Tokyo 2020: Sindhu storms into quarterfinals, to face Yamaguchi

P V Sindhu
P V Sindhu. Photo: PTI

Tokyo: Reigning world champion P V Sindhu sailed into the women's singles quarterfinals with a straight-game win over Denmark's Mia Blichfeldt in the Olympics badminton competition here on Thursday.

The 26-year-old Indian, who won a silver in the 2016 Rio Olympics, notched up a 21-15, 21-13 win over 13th seed Blichfeldt in a 41-minute match.

Sindhu will next face Akane Yamaguchi on Friday (1.15 pm IST). The Japanese edged out Korea's Kim Gaeun 21-17, 21-18.

P V Sindhu
P V Sindhu has looked in good touch. File photo: IANS

"I started off well in the first game but around 15-16 I gave a couple of points because I was rushing in my defence. My coach was telling me that I was playing the wrong way and I realised that and I immediately changed my tactics and completed the first game," Sindhu told media after the match.

"Second game I was fine, I was maintaining the lead and finished it off."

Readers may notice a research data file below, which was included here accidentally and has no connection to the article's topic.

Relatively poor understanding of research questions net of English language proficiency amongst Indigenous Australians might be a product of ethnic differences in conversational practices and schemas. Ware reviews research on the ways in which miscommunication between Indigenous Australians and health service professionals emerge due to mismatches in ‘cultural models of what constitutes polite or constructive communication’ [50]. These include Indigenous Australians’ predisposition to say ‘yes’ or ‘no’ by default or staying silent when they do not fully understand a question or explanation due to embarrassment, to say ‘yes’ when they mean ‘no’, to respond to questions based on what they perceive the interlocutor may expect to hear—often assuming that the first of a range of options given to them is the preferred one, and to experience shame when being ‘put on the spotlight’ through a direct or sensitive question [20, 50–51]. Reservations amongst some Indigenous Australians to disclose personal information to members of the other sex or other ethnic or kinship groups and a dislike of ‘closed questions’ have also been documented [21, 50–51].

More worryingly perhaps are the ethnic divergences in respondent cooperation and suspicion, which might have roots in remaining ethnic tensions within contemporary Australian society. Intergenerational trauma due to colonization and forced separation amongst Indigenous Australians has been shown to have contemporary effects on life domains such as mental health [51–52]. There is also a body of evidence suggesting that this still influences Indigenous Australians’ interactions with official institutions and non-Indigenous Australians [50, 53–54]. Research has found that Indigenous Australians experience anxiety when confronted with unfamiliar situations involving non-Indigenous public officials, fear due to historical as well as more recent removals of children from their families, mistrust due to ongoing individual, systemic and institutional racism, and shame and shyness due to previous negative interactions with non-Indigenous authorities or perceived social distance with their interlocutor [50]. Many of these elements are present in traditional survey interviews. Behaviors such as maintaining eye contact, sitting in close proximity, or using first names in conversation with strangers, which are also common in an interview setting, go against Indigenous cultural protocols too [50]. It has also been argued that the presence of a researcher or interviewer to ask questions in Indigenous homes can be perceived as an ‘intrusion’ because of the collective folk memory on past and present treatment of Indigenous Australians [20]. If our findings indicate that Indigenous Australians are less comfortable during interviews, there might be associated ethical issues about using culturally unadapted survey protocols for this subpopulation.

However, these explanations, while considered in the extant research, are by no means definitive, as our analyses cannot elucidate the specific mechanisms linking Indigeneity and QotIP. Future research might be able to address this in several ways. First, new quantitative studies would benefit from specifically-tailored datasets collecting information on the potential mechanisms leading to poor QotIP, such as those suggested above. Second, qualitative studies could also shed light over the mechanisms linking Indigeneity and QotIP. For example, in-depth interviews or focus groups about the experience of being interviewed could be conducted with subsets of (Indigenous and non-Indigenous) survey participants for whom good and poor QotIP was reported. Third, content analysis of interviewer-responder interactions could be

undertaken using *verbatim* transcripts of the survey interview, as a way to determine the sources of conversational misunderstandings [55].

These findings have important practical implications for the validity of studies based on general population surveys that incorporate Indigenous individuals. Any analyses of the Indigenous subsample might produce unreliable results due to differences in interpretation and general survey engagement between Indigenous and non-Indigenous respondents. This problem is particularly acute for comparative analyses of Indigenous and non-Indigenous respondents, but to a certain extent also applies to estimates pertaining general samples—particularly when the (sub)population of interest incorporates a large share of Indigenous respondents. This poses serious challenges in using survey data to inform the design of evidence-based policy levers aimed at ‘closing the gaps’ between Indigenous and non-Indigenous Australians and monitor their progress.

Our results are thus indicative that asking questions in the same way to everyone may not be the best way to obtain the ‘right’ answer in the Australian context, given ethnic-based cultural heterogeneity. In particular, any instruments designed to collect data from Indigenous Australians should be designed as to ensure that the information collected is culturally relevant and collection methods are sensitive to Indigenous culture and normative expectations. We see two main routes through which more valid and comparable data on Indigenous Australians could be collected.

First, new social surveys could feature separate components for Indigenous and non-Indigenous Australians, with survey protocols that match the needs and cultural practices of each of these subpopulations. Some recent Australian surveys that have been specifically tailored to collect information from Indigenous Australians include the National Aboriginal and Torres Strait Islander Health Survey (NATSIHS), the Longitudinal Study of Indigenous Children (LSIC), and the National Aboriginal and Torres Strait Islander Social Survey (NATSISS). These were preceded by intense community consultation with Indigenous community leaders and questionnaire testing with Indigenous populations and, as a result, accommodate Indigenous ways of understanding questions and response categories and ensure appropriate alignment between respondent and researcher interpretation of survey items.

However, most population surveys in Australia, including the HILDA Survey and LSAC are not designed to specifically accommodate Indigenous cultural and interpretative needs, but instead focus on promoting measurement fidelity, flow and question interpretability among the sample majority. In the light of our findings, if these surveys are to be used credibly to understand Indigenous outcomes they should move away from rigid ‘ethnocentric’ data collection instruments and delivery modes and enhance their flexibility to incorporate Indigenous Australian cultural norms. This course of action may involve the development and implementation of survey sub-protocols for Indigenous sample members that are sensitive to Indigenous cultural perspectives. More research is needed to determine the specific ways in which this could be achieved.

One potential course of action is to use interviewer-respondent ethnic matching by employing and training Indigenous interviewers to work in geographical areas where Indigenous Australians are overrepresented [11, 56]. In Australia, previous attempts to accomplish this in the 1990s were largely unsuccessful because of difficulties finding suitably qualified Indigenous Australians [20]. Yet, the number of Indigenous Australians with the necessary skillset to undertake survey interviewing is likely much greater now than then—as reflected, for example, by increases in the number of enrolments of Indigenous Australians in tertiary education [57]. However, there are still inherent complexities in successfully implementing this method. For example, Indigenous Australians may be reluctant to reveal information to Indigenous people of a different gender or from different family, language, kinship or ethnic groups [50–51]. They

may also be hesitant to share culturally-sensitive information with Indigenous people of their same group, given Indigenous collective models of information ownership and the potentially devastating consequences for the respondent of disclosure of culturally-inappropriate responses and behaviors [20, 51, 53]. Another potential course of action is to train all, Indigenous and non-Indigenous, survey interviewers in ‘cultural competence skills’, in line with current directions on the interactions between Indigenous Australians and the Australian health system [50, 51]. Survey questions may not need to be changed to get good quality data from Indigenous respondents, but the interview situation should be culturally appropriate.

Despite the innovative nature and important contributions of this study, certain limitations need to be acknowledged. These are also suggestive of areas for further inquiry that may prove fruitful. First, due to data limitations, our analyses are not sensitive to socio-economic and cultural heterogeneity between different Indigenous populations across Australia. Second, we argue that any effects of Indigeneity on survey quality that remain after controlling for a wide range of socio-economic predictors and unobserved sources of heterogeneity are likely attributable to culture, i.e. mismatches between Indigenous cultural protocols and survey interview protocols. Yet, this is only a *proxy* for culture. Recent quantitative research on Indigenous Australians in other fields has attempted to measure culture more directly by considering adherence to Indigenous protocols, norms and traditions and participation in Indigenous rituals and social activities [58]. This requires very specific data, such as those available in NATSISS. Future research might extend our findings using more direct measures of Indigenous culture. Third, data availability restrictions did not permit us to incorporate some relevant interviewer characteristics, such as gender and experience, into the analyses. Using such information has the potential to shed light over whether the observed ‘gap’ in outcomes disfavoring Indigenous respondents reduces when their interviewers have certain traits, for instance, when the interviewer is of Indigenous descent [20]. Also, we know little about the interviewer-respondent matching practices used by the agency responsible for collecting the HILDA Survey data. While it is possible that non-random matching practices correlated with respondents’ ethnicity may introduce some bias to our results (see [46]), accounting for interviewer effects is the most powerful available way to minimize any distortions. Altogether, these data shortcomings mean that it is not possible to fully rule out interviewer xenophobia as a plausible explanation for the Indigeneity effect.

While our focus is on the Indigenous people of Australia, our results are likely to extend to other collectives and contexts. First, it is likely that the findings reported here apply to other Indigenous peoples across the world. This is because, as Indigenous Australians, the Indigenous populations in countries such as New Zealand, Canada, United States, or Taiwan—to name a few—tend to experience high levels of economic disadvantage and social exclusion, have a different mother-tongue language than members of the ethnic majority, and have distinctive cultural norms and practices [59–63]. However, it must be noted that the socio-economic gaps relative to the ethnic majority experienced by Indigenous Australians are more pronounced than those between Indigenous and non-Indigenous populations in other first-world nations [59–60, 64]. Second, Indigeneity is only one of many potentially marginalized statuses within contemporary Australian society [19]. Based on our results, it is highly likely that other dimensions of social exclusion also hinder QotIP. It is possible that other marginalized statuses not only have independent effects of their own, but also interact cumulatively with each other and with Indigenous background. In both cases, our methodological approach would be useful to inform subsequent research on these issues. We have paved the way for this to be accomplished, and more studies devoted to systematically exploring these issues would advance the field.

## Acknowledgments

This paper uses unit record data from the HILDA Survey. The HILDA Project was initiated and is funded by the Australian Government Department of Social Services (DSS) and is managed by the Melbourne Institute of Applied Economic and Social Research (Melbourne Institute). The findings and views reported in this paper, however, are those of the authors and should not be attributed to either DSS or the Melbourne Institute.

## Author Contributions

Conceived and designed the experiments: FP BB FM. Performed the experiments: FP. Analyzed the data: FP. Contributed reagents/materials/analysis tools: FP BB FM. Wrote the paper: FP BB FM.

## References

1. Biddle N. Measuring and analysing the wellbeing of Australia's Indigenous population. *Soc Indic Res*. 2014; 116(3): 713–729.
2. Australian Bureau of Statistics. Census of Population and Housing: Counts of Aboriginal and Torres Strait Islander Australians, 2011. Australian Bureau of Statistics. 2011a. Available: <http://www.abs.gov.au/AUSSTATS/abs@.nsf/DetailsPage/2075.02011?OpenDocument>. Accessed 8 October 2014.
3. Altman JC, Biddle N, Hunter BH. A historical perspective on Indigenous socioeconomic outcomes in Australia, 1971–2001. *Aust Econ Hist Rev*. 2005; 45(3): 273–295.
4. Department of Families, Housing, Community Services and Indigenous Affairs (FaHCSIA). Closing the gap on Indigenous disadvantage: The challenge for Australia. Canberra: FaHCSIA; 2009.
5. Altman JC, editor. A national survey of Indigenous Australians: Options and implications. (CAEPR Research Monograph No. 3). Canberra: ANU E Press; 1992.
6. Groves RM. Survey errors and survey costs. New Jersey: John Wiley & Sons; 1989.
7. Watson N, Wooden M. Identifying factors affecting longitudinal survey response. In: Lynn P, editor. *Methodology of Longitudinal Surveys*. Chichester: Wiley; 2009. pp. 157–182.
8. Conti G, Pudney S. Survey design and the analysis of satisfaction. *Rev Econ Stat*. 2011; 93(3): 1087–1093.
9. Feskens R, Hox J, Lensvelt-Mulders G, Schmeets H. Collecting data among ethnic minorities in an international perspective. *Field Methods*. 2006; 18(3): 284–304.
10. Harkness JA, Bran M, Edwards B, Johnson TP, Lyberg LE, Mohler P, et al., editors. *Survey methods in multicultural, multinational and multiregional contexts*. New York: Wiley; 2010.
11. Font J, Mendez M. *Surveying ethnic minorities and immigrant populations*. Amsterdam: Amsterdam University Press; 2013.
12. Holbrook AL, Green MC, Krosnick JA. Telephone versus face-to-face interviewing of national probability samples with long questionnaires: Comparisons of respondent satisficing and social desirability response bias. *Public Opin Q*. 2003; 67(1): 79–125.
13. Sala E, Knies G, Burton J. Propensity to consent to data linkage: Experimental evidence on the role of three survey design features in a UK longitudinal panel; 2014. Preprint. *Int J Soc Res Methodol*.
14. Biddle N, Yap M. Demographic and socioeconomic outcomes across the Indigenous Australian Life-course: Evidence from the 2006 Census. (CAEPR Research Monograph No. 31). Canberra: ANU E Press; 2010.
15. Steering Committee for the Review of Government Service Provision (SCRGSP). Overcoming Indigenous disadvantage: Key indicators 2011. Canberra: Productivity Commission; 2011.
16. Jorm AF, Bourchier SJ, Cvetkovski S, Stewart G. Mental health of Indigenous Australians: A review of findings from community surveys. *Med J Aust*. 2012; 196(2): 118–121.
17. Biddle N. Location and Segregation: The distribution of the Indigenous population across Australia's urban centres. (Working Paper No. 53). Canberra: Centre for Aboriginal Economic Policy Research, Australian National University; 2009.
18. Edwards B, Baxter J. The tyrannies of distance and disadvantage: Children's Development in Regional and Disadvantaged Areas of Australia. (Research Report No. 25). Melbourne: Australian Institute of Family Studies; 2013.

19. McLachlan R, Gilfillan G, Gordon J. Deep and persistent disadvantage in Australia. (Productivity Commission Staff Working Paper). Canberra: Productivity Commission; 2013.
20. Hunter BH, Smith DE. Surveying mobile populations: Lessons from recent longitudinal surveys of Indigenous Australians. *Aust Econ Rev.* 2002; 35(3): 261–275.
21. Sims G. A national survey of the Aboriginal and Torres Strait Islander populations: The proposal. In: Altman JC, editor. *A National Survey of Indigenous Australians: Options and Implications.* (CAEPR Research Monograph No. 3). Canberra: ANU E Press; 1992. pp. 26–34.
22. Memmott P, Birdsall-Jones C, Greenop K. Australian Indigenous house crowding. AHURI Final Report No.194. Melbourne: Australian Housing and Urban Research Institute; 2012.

Sindhu mixed her strokes well, putting her attacking clears and drops to good use besides smashing her way to finish points whenever there was a chance.

She anticipated the shuttle better and showed good court coverage during the 41-minute clash.

Blichfeldt did have her moments but she was too erratic to sustain the pressure on the Indian, who was always a step ahead of her rival during the contest.

Blichfeldt had a 2-0 lead early on but Sindhu soon took back control at 6-4 and kept her nose ahead before unleashing a cross court smash to enter the interval with a healthy 11-6 lead.

The Danish shuttler scripted a mini comeback, winning six of the next seven points, riding on a few smashes and Sindhu's unforced errors.

An unlucky net chord broke the run of points but Blichfeldt sent down two straight smashes to again narrow it to 14-16 before succumbing to a series of unforced errors.

The Indian revved up the pace in the second game to zoom to 5-0 but a wrong line judgement from her ended the run of points.

Blichfeldt tried to find an opening but Sindhu was always a step ahead as she again held a five-point advantage at the break.

After the interval, Sindhu lost a few points due to the occasional brilliance shown by her rival and sometimes, her own unforced error, but she was always in control and soon wrapped it up with a delicate shot near the net.

On Wednesday, Sindhu had defeated world No. 34 Hong Kong's NY Cheung 21-9, 21-16 to top Group J.

Sindhu is the lone Indian badminton hope left in the fray.

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